Fantasy Basketball has blossomed into a large sport in the fantasy community, and more so on the daily fantasy sports side (DFS). This page leads you to the fantasy points scored per game on an individual player basis. Next to the current game projection, we showcase their recent stretch of games to see how they have been performing over the last 10 or 30 games. If you want to see across a full season, we have that too. You can flip between DraftKings and FanDuel scoring, where the NBA DFS product differs in scoring quite a bit. If you are looking to get this info into a CSV format, the button to download is on the upper right-hand side. You will also find the current day’s salary for DFS sites, as well as our own Lineups based rating for each player.
Fantasy points are generated through scoring, assists, rebounds, turnovers, and defensive stats. Depending on the site scoring, these can equal up to different amounts. Minutes are very important to basketball, because if a player is playing 30+ minutes, that means they are in a good spot to generate fantasy points. FPPM means fantasy points per minute. It is simply the overall outcome in fantasy points divided by the minutes played within a game or on a seasonal aspect. LeBron James is one of the best FPPM players, and when he averages 1.6 FPPM and also plays 35 minutes a night, he is averaging 56 fantasy points per game based on those numbers. This leads us to seeing fantasy points per game (FPPG).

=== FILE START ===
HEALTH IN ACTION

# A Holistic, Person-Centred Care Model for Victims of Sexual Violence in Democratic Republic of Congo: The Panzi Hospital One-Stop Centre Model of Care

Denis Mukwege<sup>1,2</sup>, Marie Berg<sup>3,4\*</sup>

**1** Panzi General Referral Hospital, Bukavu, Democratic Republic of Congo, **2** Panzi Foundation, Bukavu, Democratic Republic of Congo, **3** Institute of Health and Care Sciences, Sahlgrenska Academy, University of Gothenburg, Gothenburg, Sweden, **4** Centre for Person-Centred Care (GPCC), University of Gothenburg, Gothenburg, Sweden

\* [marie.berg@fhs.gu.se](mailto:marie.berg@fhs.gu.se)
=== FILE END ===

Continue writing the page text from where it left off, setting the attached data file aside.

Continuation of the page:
Things can get a little blurry when using historical outcomes to project future ones. At first we want to see larger sample sizes, because those tend to be less noisy and show more consistency when it comes to projecting. A player with a smaller sample size can have a number of reasons for why this production has improved or decreased. For example, if a bench player all of a sudden produces over the span of a week, there as to be a reason for why. He might be filling in for injury, or has earned himself a place in the starting lineup. It is crucial to know the reasons behind the production, because if that player comes back from injury, all of a sudden that production can’t be relied upon anymore. It is a helpful way to look at things, but it is just a small piece of the puzzle when it comes to projecting players.
Fantasy points per minute is a good measure for fantasy production, although there are some disclaimers. Consistent starters have a more sound FPPM to base their production off of. Bench guys do not. If Fred VanVleet generates 1.25 FPPM off the bench, that doesn’t mean he will generate the same if he gets into the starting lineup. Usage changes when a player is off the bench and around other starts. You might see his FPPM dip in the starting lineup because he is playing alongside players with higher usages. If a rookie is posting a 1.10 FPPM and minutes are growing, this is a positive sign for his overall fantasy output.